Understanding organizational culture can help you find the perfect job. Culture reveals more about employee morale and company values. Businesses with a healthy, productive culture are more successful because employees have guidance, a shared mindset and can work well as a team. An organization's culture can be a determining factor in how long you stay, so it's essential to find a company culture that's right for you. Discover what organizational culture is and how you can use it to find the right professional fit.
What is organizational culture?
Organizational culture is the shared beliefs, attitudes and expectations within the company. It's dependent on both the employers and the employees and affects the day-to-day operations. Companies with successful organizational cultures have higher employee engagement rates and, as a result, better productivity.
A company's mission and vision statements reveal a lot about its organizational culture because they outline the common goals. The values of the entire professional team are what creates culture and are achieved by everyone together.
Why does organizational culture matter?
Culture is social, which is why it's so important to find a culture you can identify with. The attitudes of the people around you dictate your overall job satisfaction. It doesn't matter how high your salary might be; working for a company that makes you look forward to going to work every day makes all the difference.
By investigating a company before you apply or during the interview process, you can learn a lot about a company's culture and determine whether it's right for you.
Finding employees who fit in with the company culture is also beneficial for employers. Finding people with a shared passion drives their business forward.
Some aspects of company culture
There are countless factors that all come together to create an organization's culture. But some of the most important ones include:
- Attitude: the atmosphere in the workplace. Are employees happy, do they work well as a team?
- Behaviour: how are employees expected to behave? Does that align with your personality and career development goals?
- Beliefs: what does the company stand for? Are their products or services something you believe in?
- Corporate responsibility: does the company give back to the community? Are there environmental initiatives, fundraising efforts, or awareness campaigns?
- Motivation: is the company motivated by profits or the greater good? Are you motivated in the same way?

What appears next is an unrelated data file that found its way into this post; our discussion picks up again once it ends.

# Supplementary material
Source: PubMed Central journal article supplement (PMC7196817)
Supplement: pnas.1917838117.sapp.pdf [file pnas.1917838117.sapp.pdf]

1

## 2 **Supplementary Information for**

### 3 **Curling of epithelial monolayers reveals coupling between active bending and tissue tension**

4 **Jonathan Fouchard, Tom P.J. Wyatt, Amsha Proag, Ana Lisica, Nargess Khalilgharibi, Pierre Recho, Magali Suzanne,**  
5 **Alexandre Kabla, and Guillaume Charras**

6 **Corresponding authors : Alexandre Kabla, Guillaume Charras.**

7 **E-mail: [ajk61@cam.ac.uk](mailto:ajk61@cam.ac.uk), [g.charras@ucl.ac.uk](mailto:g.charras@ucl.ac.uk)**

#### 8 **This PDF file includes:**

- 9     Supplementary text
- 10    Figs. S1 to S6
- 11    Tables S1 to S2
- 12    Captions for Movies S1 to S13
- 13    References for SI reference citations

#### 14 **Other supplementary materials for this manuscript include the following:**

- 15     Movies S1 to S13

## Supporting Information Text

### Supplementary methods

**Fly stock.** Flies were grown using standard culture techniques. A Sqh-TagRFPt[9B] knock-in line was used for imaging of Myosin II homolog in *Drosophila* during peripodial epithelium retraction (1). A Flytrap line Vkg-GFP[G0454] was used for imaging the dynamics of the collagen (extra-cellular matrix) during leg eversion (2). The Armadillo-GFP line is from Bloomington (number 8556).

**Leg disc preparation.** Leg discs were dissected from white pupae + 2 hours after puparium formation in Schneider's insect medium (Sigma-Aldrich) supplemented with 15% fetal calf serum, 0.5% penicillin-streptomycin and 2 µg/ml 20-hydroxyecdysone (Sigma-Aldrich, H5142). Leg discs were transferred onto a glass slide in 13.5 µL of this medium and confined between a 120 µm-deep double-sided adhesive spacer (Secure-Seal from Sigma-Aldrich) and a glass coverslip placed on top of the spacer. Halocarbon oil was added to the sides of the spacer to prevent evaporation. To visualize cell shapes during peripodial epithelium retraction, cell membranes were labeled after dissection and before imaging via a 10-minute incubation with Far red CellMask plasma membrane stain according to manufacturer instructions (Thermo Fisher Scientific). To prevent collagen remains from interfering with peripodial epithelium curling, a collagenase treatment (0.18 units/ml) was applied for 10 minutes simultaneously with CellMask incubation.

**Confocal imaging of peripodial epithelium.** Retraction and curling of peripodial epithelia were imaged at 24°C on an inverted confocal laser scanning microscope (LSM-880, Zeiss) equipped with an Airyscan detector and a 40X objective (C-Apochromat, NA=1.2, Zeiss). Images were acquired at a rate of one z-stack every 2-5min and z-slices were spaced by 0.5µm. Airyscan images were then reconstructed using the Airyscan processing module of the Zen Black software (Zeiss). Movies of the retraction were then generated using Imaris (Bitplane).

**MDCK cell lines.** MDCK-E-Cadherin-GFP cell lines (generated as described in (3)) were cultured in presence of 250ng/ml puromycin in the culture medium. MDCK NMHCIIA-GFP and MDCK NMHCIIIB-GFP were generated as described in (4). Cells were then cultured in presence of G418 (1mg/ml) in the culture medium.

How to find the right culture for you
A company's organizational culture won't be stated in big, bold letters at the top of every job post, though that would be nice! But, if you know where and what to look for it can be easy to evaluate a company's culture before being hired. Here are three key methods to guide your search:
1. Read the job description closely
The tone and choice of words in a job description can be great indicators of organizational culture. For example, words like dominant, targets and competitive are indicators of a culture focused on converting hard work into revenue. They may mention working nights and weekends. That type of environment suits like-minded people but might be intense for others. If you're looking for a culture that supports diversity, flexible working, and social activities, then look out for those keywords in a job description.
Related: How to Write a Job Description
2. Use social media
Review the company's social media pages to see what content they're posting, read any customer reviews, and see how they engage with their followers. Social media reveals a lot about how the company chooses to present itself publicly, reflecting the internal culture as well. If diversity and inclusion or environmental issues are important to you, see if an organization shares anything related to these topics on their social media channels.
Depending on the size of the company, Reddit may even have pages dedicated to employees or customers. You may find valuable comments, questions, and opinions from existing or ex-employees.
3. Search for the mission or vision statements
A mission statement defines what an organization does and what motivates them. An effective mission statement should also motivate the employees and guide them towards a common goal. It also offers great insight into the culture. Mission and vision statements are one to two-sentence summaries and often shared on a company's website. They may be short, but they provide you with an overall idea of what the business is striving for. You can use those summaries to decide if your values align with the company.